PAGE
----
Once upon a suburban high school semester, two of the most horrible creatures the planet had ever born became students in my class.  

They are long gone from my world now – they graduated years ago and today they are probably either incarcerated or asking you if you would like fries with that – yet calling each by a pseudonym still seems to constitute proper form.  So for propriety’s sake, let’s call him Lucifer, and we’ll refer to her as Mephistopheles – Meffie for short – but only because Fucking Asshole doesn’t yield a cute nickname.

These were two people, eighteen years old both of them, who, from the very first day of class, gazed at everyone with such disdain that I actually told Lucifer once that if he didn’t stop arranging his features in such an alarming manner, his face would freeze like that and he’d always end up looking like he smelled fresh mozzarella that was accidentally left in the backseat of somebody’s hot car – which incidentally, I’ve done, and the smell is beyond description.  I didn’t get a laugh or a chuckle or even a tiny sign that he was sorry for having his death-glare busted.  He just stared at me, his eyes blank and mean, and when the bell rang, I calmly walked to the classroom across the hall and told my friend Michael that if I disappeared, that kid should, at the very least, be questioned by the authorities.

I think it’s important to lay some background and explain that I’m a teacher who genuinely loves teaching.  Okay, so it’s June and perhaps now is not the most opportune time to articulate my feelings about my job, but even now, even when I spend eight hours a day in a non-air-conditioned room with no cross-breeze and over a hundred 18 year olds who are too consumed with who is riding in the gigantic Hummer on Prom Night to care about how Almost Famous follows Joseph Campbell’s Mythic Hero’s Journey almost to the letter, I can still maintain that I typically enjoy what I do.  

I’m not someone who got into teaching because we get summers off.  

I didn’t become a teacher because I thought that, if I one day had kids, I’d get to be home in time to get them off the yellow bus.

I became a teacher because I enjoy the academic life; it’s something I became comfortable with early.  My parents both worked at colleges – my dad was a professor and my mom was a Dean – and I all but grew up on their campuses.  I learned that school could be a place where learning could be fun but that inspiration did not have to take place in a room with desks and a chalkboard.  I saw that dunk tanks during Spring Carnivals could really exist outside of the movies.  And instead of coloring books, sometimes when I was little I would draw my pictures of houses with one huge tree in those blue essay books my father made his English and Comedy students use for exams.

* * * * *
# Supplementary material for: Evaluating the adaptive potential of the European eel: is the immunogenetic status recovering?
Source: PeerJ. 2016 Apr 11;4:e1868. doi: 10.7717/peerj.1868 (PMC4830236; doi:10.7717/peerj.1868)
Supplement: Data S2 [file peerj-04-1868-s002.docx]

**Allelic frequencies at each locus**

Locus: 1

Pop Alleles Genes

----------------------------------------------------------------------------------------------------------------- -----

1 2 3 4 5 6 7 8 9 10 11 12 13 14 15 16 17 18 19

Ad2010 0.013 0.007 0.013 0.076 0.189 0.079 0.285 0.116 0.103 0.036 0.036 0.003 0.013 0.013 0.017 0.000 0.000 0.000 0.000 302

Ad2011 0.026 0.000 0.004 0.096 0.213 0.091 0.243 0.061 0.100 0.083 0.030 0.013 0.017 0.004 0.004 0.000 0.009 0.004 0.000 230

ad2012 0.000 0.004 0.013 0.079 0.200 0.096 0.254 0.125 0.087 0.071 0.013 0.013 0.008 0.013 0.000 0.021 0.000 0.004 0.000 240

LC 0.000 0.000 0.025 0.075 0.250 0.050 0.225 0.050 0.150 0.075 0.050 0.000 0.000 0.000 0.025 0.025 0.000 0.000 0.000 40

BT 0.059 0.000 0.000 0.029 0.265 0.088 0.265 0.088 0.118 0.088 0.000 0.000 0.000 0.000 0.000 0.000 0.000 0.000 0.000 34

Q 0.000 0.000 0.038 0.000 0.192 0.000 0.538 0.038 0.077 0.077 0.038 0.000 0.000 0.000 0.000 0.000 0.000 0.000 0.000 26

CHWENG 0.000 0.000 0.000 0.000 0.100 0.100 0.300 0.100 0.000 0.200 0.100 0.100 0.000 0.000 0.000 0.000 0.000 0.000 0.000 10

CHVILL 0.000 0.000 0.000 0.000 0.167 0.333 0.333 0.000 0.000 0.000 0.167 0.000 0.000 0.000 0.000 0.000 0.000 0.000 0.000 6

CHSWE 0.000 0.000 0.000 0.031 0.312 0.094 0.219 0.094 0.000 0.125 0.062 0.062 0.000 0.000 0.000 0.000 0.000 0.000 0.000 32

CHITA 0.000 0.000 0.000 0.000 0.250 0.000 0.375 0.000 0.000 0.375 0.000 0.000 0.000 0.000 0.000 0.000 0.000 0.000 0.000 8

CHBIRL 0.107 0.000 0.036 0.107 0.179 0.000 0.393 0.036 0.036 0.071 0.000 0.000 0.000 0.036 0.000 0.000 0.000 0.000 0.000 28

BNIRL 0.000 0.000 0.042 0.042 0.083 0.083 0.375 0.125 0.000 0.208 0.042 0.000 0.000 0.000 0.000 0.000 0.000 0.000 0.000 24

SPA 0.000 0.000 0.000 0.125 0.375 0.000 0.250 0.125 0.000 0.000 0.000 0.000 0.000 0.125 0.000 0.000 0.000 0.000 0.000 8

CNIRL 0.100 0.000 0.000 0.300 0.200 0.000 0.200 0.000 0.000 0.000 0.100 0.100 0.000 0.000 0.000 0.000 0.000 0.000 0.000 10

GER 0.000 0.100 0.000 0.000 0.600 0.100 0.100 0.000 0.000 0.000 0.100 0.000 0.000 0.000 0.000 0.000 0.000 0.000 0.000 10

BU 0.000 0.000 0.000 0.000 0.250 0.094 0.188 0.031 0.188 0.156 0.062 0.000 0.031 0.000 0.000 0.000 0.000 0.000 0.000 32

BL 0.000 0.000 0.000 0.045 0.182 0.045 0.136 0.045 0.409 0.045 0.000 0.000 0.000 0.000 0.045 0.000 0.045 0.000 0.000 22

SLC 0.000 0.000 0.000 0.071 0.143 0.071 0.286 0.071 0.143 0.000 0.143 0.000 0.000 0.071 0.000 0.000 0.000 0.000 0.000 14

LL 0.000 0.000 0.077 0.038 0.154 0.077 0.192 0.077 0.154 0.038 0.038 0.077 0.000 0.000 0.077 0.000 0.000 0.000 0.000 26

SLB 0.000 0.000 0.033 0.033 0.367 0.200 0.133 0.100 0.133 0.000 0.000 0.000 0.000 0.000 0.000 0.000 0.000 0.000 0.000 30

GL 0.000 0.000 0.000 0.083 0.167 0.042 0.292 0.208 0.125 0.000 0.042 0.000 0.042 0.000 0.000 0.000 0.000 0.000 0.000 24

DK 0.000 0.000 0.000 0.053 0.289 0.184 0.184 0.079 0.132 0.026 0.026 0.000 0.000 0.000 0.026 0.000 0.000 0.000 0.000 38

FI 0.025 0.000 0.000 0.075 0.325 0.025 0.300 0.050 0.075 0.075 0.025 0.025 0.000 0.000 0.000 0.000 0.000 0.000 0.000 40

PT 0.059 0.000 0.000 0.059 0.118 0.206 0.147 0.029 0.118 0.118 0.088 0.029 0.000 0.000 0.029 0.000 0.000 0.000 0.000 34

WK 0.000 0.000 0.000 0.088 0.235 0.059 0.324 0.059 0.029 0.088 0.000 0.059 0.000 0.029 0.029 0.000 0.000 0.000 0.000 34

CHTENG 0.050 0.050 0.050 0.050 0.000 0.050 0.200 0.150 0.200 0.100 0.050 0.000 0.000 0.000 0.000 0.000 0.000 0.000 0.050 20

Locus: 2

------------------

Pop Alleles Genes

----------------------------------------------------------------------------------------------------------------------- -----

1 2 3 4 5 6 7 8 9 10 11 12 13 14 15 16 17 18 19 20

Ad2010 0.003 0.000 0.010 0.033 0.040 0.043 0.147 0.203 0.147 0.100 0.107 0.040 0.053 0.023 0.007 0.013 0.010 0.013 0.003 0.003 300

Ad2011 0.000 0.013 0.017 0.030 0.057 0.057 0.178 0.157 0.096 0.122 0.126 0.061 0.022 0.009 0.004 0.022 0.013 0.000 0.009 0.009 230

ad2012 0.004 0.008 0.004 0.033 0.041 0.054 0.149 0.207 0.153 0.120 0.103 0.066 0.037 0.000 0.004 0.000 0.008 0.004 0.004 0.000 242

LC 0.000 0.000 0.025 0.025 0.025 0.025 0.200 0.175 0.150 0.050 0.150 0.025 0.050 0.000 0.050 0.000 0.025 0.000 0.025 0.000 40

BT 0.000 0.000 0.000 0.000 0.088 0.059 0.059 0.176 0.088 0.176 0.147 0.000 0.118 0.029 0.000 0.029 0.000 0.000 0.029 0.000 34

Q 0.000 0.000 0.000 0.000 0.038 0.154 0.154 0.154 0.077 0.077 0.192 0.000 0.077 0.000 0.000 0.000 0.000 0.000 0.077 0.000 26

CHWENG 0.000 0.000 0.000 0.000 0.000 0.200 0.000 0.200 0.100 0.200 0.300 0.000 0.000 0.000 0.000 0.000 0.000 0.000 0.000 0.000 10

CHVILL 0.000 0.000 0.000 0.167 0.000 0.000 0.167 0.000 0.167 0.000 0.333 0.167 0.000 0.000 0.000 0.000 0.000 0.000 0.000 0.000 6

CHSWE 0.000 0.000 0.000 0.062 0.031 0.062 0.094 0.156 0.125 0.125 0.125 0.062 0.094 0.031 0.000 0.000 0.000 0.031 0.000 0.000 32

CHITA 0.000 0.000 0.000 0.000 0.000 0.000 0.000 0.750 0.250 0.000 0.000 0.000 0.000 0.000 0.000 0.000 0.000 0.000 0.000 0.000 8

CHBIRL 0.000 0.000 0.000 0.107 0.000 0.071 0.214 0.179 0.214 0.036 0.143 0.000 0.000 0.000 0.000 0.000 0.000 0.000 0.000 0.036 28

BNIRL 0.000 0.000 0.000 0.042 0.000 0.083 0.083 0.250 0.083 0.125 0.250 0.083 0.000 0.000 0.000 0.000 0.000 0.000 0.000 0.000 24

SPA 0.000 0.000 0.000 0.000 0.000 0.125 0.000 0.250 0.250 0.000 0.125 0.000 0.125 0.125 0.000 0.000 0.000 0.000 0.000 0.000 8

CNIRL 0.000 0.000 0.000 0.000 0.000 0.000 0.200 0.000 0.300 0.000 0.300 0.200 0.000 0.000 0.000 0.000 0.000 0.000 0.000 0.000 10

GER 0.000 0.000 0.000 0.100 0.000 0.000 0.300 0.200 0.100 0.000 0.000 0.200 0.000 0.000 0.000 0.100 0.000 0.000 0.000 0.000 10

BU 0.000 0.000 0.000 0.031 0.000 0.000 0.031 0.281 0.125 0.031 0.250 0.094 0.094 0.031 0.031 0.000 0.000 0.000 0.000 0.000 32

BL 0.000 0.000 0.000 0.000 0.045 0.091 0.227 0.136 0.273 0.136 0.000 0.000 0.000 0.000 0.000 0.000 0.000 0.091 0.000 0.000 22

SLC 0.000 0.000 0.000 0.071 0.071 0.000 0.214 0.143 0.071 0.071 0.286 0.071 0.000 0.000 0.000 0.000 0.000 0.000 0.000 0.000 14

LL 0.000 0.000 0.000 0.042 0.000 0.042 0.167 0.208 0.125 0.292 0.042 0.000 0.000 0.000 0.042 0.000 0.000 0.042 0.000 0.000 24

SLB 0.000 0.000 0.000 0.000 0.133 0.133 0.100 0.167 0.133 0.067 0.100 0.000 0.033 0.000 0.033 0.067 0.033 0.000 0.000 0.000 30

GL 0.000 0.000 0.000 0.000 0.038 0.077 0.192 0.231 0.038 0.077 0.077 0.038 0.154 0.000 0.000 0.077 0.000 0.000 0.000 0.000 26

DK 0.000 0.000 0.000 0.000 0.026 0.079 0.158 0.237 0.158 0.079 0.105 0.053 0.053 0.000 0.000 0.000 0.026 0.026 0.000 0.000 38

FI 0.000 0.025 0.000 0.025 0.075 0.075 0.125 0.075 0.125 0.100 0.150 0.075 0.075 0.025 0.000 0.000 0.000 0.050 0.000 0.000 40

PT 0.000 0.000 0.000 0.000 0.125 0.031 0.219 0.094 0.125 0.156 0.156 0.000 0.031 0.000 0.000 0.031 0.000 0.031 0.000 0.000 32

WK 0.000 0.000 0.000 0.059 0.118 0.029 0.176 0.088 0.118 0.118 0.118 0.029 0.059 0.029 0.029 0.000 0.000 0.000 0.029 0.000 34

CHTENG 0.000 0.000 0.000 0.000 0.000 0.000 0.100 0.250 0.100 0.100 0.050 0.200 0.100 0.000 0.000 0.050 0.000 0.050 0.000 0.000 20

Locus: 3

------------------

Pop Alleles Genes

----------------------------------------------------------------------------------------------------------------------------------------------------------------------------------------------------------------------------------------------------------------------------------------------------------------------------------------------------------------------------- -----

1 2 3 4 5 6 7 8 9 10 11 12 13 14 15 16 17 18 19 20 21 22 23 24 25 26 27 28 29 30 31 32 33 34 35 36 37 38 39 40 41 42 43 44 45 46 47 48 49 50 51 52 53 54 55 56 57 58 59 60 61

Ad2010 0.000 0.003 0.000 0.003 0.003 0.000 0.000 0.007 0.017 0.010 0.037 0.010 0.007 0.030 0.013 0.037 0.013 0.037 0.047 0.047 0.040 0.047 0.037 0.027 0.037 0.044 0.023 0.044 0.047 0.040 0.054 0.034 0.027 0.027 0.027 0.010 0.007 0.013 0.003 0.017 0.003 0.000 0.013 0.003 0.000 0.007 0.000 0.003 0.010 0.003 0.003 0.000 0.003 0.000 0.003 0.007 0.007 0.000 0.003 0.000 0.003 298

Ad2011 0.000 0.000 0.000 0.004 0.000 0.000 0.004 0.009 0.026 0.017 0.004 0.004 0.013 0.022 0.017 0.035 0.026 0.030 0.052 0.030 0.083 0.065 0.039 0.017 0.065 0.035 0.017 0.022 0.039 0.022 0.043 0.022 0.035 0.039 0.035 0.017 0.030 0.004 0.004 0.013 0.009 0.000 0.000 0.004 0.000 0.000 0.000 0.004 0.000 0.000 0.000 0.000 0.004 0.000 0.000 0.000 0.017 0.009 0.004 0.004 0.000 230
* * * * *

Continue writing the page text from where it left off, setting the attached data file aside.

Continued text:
(When my father particularly wanted to fuck with a student, he’d give the kid an F+ on a paper – and to this day I find that utterly hilarious.)

I’ve genuinely liked most of my students over the years.  They have been wise and insightful and compassionate and lost and evolving and broken and sometimes desperate for a connection.  They have coped with depression and schizophrenia and some have recovered from bouts of promiscuity – and maybe nothing is more horrifying to hear than when a seventeen-year-old whispers to you that she went through her slutty drug phase in middle school.  They have been bulimic and they have been cutters and they have been brilliant photographers and they have been phenomenal writers.  

One taught me how to edit on Final Cut with the patience of a saint.

One tried her very best to teach me how to knit until she finally allowed herself to realize that dexterity is not my biggest strength.

Another, through her stories and her confessions, taught me how to never ever raise children.

Some of the kids I’ve taught have been really funny, gifted with that biting, dark wit I appreciate in people anywhere.  I love that I have a profession where I have literally burst into genuine laughter from something one of my students said in class.  I love even more that sometimes, when I’m driving home, I’ll think about that funny remark and laugh again, alone in my car, the passengers on the highway looking at me sideways.

So it is relatively shocking – almost unprecedented – for me to be given a student I can’t somehow reach by the end of the term.  Some respond to the passion I have for what I teach, and there’s something really wonderful about a moment that occurs at least three times a year, usually when I’m teaching something like how studios choose release dates, when a kid asks, “How do you knowthis stuff?” and I get to respond, “When you care about something, you read a lot about it – and you never stop wanting to learn more.”  And there’s this dawning of an understanding that flashes across the old-enough-to-vote-kid’s face, and I can see him thinking about what he wants to learn more about, and even if it’s basketball or the history of porn, it kind of rules that you’ve inspired someone to maybe pick up a book.

Other students I get to in different ways.  

Sense of humor is key.  

Not losing your temper is important, especially when you really have the urge to throttle someone.  

Standing at the door and greeting each kid by name before class makes you seem far more personable – and I’ve found, statistically, it’s just harder to heave a desk at a teacher who five minutes earlier asked you how your day was going as you walked into her room.

To show you take very little shit, calmly kicking a kid out of your classroom for sleeping once a semester can work wonders.  

Complimenting one of your student’s outfits when you really like it can be beneficial – and some of them wear really cute stuff, like the adorable eyelet shorts one of my girls this year wore.  I tell you, if I was seventeen or severely anorexic, I’d wear those shorts in a hunger-delayed heartbeat. 

To illustrate your own humanity, explain how the five inch heels you wear every day might one day cut off your circulation and cause you to pass out at some point and designate which kid in the front row has the job of catching and/or reviving you when you eventually keel over.  Emergency preparedness builds bonds.

See?  There are all kinds of ways to connect.

But these two kids; they were cut from another cloth, and while I know fashion, I’m not exactly sure what Satanic cloth would be.  (Wait!  Satan would totally wear a gingham-printed polyester.  Hell’s gotta be a place with loud prints and unbreathable fabric.)  

There was simply nothing redeeming to like about either.  Neither was bright, kind, engaged, polite, prepared, or capable of an expression other than that of nasty disgust.  One of them was in my 1st period class and one of them was in my 9th, so I essentially began and ended my day by being confounded by the highest level of non-verbal hatred two people could conjure up with their unfortunate features.  I could barely focus on the sweet kids that surrounded them, so stunned these two wretched people rendered me.